The Decision Against Caster Semenya is Flawed

September 23, 2020

Paul Melia, CCES president and CEO

Last week, a Swiss federal tribunal determined that the decision by the Court of Arbitration for Sport (CAS) that World Athletics’ policy for athletes with differences in sexual development (DSD) is necessary to ensure fair competition in women’s sport does not violate Swiss public policy. This allows the CAS decision to stand. I feel strongly that CAS’s decision was wrong as it was based on a false choice between fairness and inclusion and I am bewildered and disappointed by the Swiss court’s ruling.

The decision by CAS was based on the outdated concept that sex and gender are one and the same binary categories and that elevated levels of naturally occurring testosterone, separate and apart from all of the other naturally occurring advantages possessed by high performance athletes, proffer an unfair advantage for female athletes. This is evidence that sport is locked in an old paradigm that believes sex is binary – athletes are either male or female – and they have chosen to narrow in on the hormone testosterone as the great divide between the two categories.

We now understand that sex and gender are not one and the same. Gender identity is a personal sense of who you are. It might be male, female, some combination of both or neither one. It is complicated.

The most high profile athlete to be affected by this decision is South African middle-distance runner and Olympic and World champion, Caster Semenya. Caster is a woman, has always identified as a woman, and refuses to use medication to suppress her naturally high testosterone that World Athletics believes should be regulated. At one time, Caster did use medication to lower her testosterone, but it had side effects and she decided not to continue with it and to challenge the regulations imposed on female athletes with DSD instead. Under these new regulations, she will not be able to defend her titles if she won’t medicate.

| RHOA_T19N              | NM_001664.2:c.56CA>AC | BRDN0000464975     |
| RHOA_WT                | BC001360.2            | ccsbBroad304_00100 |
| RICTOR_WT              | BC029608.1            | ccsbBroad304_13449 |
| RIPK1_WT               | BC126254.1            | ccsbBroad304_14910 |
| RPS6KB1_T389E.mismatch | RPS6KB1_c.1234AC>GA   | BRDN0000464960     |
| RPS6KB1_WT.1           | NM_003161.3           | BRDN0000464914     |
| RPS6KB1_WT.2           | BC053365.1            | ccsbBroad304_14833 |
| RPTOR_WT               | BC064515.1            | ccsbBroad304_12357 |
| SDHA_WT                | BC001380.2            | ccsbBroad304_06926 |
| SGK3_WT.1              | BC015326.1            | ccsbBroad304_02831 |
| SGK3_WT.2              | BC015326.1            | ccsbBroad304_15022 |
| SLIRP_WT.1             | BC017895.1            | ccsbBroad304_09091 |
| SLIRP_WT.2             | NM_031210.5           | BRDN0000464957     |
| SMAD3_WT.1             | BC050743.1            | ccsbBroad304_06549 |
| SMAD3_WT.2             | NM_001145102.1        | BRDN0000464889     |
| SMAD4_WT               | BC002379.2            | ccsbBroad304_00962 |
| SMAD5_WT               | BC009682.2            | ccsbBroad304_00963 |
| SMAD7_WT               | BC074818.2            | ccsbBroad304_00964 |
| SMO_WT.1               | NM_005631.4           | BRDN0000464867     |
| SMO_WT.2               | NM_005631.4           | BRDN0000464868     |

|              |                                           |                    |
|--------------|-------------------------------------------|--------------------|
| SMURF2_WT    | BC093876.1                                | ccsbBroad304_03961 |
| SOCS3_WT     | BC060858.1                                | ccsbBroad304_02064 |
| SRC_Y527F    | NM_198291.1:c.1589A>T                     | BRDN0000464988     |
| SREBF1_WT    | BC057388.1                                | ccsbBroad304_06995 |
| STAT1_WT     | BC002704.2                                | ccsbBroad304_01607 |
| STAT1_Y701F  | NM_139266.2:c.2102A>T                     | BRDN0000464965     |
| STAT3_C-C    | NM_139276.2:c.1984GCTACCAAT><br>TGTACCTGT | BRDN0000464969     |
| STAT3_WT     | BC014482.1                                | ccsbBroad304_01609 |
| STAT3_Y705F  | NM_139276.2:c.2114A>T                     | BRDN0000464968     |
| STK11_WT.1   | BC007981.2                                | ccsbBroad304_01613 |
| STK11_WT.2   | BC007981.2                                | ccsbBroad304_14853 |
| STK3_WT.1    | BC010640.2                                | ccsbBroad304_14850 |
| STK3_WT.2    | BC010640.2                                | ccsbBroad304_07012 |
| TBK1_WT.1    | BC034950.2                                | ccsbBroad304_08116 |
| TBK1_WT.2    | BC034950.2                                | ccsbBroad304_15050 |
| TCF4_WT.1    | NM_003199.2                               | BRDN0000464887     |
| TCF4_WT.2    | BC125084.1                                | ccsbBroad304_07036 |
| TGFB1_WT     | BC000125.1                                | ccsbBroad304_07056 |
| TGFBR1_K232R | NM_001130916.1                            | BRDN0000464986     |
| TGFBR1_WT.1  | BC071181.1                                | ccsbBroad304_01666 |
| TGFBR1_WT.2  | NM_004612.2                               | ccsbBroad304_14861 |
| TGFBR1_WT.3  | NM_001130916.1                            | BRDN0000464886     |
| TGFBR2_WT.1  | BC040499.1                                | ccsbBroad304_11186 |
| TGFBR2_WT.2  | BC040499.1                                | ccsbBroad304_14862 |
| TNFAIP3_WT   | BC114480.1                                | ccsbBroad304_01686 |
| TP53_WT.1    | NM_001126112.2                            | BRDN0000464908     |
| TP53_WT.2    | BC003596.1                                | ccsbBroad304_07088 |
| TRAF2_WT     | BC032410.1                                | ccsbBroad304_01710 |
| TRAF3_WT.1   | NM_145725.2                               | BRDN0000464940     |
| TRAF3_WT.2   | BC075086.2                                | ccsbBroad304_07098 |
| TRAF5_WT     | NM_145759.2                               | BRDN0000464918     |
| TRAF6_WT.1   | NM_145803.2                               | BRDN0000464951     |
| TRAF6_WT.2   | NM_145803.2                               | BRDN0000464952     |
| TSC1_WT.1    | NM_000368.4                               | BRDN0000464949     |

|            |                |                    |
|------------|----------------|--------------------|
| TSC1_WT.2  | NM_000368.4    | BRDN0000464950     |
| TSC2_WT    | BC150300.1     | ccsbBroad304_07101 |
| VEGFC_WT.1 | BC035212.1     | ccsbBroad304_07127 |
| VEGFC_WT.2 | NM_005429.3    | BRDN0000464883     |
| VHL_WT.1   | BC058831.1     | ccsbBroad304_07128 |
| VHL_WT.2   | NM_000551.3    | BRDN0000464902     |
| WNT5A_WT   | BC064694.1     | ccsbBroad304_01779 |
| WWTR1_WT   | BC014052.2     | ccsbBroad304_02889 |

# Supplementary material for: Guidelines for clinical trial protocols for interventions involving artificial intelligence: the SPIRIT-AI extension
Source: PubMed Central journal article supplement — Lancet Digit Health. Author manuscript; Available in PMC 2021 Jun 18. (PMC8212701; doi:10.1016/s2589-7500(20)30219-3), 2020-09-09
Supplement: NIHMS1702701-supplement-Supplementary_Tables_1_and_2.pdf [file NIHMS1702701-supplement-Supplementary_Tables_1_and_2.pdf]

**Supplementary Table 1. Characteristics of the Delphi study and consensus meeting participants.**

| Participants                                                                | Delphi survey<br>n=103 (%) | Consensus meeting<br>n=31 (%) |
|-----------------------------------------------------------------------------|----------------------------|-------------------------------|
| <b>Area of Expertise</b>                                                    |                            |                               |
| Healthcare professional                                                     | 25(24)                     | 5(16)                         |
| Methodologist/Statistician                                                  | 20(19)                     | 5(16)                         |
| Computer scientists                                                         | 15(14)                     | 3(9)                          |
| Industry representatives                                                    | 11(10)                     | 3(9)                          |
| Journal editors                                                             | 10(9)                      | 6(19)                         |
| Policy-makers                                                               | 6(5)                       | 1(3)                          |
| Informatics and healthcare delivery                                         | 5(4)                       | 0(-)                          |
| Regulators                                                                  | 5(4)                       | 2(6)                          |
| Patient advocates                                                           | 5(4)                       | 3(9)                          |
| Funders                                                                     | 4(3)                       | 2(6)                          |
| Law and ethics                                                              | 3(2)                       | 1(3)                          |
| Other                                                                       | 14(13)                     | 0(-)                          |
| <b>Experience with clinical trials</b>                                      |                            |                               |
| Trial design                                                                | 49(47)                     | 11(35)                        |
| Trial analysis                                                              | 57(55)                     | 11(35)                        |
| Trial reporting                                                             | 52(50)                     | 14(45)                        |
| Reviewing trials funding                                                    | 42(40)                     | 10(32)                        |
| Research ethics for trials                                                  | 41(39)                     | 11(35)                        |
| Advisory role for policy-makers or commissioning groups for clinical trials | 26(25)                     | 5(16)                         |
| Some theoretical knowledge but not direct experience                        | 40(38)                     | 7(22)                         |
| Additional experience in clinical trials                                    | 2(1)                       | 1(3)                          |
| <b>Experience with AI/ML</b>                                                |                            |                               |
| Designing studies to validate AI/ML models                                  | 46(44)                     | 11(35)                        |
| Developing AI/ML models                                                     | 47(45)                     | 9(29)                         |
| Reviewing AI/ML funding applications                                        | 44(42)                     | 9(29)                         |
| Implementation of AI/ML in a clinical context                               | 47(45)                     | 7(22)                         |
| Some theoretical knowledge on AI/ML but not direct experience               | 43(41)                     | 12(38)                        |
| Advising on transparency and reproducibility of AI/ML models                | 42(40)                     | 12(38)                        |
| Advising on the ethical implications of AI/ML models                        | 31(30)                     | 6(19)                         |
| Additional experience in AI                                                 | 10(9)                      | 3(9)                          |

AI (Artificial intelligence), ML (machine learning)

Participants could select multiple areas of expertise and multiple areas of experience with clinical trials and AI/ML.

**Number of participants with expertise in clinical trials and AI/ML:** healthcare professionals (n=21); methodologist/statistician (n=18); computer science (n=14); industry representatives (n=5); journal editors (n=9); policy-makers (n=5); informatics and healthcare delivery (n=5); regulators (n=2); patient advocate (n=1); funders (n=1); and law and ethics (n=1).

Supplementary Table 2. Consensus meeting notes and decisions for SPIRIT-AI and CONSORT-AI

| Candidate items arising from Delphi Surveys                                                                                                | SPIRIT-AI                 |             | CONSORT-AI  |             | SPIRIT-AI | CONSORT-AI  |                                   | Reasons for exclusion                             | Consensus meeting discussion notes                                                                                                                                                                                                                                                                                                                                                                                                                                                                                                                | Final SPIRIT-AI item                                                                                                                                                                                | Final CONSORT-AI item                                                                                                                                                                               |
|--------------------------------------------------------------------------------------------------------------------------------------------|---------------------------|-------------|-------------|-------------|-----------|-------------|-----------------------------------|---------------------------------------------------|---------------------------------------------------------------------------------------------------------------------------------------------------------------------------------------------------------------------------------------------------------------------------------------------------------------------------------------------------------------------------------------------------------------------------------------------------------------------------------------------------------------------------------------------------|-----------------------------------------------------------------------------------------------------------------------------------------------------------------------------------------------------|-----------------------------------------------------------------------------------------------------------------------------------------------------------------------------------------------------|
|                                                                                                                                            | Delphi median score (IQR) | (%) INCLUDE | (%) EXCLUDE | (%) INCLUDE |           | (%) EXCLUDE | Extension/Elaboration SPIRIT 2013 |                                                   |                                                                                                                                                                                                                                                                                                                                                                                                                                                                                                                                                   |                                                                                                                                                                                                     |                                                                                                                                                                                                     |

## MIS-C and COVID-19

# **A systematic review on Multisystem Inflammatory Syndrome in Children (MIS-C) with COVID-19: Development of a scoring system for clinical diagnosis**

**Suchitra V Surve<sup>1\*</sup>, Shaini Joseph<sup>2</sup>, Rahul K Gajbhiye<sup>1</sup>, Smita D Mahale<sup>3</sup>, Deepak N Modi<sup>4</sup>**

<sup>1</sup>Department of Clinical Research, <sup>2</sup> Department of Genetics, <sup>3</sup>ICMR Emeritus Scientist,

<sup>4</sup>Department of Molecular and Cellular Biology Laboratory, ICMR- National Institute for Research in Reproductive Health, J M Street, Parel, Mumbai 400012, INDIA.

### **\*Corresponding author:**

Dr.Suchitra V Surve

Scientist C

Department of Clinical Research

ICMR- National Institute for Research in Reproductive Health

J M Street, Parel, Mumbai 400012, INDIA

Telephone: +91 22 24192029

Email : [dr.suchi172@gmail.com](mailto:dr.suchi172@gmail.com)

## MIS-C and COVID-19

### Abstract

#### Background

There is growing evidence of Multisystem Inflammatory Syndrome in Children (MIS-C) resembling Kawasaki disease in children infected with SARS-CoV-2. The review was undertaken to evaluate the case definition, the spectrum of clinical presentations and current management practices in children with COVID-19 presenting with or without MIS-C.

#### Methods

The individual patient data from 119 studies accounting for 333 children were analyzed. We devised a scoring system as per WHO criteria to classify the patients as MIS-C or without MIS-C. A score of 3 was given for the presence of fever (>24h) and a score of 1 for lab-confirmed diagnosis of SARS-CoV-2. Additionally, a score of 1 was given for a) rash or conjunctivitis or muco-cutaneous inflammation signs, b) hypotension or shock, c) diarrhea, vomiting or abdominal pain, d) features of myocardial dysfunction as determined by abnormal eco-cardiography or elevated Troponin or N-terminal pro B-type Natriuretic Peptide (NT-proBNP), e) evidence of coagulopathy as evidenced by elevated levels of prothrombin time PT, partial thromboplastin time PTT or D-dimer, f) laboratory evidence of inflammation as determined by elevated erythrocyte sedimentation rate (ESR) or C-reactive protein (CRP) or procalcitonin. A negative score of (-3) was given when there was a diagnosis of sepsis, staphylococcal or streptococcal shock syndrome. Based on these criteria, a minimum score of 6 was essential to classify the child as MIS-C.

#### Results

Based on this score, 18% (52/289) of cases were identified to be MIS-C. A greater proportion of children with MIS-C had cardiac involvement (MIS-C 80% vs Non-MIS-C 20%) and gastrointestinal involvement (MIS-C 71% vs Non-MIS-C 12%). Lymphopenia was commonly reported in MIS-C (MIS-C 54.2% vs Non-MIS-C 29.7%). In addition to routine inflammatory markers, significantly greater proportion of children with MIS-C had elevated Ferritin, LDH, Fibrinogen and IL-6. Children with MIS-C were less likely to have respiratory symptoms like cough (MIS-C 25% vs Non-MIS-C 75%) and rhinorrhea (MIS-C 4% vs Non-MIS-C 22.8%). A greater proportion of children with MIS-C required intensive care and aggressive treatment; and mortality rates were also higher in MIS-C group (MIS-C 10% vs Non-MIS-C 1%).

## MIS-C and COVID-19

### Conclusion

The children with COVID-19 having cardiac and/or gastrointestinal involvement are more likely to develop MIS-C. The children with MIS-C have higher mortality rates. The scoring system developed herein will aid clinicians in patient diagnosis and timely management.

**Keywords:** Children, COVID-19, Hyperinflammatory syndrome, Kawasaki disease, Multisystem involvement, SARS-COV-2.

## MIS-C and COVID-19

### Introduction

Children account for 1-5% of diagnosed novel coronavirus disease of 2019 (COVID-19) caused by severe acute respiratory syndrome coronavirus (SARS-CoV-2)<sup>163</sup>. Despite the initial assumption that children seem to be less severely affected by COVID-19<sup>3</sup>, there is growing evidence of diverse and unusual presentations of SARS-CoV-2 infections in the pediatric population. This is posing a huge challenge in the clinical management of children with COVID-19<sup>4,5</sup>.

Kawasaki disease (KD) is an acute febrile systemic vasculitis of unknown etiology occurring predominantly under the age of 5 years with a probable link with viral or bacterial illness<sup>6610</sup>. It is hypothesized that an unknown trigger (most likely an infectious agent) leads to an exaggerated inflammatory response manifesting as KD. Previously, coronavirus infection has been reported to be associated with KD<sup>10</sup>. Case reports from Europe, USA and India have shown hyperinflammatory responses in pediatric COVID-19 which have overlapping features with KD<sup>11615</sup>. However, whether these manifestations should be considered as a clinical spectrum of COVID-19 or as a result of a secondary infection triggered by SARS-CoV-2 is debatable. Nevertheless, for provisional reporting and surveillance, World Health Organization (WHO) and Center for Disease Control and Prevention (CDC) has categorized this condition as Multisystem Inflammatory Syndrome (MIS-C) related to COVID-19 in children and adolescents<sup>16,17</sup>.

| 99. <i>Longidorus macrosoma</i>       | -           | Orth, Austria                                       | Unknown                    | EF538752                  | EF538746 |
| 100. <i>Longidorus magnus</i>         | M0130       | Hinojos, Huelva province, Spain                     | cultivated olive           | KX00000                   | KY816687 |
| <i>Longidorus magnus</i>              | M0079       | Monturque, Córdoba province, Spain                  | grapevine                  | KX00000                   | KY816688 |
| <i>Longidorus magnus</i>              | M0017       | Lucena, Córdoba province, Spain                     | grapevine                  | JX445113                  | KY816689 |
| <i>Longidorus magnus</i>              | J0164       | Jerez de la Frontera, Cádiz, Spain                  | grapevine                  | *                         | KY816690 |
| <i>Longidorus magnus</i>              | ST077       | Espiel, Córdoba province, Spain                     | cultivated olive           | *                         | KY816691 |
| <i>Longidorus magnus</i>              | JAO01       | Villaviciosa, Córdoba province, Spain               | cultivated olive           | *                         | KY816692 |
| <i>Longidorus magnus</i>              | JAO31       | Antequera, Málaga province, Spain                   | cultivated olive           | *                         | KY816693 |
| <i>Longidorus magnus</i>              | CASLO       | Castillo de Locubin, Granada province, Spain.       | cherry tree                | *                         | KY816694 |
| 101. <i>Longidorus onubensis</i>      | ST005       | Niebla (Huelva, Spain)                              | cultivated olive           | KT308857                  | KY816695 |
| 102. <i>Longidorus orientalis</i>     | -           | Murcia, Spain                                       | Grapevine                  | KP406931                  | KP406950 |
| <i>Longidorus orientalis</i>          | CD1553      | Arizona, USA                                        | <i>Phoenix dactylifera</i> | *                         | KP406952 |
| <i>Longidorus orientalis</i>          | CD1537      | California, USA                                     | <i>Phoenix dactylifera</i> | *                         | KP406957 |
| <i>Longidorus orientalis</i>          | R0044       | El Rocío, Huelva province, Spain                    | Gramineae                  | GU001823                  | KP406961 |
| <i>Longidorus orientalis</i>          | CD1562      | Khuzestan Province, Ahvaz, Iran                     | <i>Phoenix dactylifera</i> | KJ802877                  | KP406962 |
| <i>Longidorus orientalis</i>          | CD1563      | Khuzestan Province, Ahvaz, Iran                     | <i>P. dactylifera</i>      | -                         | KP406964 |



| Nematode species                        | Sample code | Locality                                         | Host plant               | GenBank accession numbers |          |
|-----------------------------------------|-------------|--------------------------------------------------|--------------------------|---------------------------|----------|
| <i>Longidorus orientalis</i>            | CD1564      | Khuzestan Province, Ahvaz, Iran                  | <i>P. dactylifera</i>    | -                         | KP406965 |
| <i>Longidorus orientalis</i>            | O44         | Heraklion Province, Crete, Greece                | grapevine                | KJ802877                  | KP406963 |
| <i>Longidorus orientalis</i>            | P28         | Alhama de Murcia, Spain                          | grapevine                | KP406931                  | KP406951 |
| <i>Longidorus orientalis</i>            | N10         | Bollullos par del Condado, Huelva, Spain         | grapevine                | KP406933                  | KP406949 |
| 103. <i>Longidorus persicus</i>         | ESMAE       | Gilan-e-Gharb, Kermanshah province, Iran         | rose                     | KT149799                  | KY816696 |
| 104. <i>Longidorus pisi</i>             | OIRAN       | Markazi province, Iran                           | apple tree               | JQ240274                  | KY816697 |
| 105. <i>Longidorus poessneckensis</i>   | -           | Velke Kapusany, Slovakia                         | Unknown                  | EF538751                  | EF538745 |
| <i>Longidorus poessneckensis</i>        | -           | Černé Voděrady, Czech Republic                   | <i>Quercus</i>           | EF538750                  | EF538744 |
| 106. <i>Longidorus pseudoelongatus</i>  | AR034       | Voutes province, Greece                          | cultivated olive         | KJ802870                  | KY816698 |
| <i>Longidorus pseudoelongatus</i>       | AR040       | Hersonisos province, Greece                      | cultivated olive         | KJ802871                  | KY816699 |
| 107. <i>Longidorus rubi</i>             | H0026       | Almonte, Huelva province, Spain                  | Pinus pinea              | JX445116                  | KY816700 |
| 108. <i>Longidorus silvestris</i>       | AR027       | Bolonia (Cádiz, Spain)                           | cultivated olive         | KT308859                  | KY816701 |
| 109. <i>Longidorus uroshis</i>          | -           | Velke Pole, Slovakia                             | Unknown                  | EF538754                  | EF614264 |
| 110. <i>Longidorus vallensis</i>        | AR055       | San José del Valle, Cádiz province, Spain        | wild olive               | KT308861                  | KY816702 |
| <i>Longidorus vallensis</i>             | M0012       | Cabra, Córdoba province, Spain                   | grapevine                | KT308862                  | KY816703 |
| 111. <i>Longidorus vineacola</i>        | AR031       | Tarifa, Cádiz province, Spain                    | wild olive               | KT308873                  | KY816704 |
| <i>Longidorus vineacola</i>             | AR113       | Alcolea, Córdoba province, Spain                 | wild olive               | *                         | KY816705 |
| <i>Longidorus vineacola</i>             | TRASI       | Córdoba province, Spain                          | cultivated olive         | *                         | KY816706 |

I can’t imagine how confusing and disorienting it would be to have an international court tell me that I’m not who I know myself to be. Caster has been sex and gender policed for over a decade – told repeatedly that she’s not a woman and that it’s not fair for her to compete in the women’s category. She was singled out for sex testing by World Athletics because her appearance is not considered feminine and, if I may, because she is fast.

Federal and Provincial Human Rights legislation in Canada protects individuals against discrimination based on gender identity. As a result, I think that a Canadian court considering such a CAS ruling against a Canadian athlete would have reached a different conclusion to the Swiss tribunal.   

I think it is time for the sport community to reexamine its approach to sport categorization. When we ignore what we know about the broad spectrum of human experience in the area of biological sex and gender identity we risk violating the human rights of the people who do not fit an obsolete definition of a biological female. We cannot then turn around and justify the harm in the name of fairness.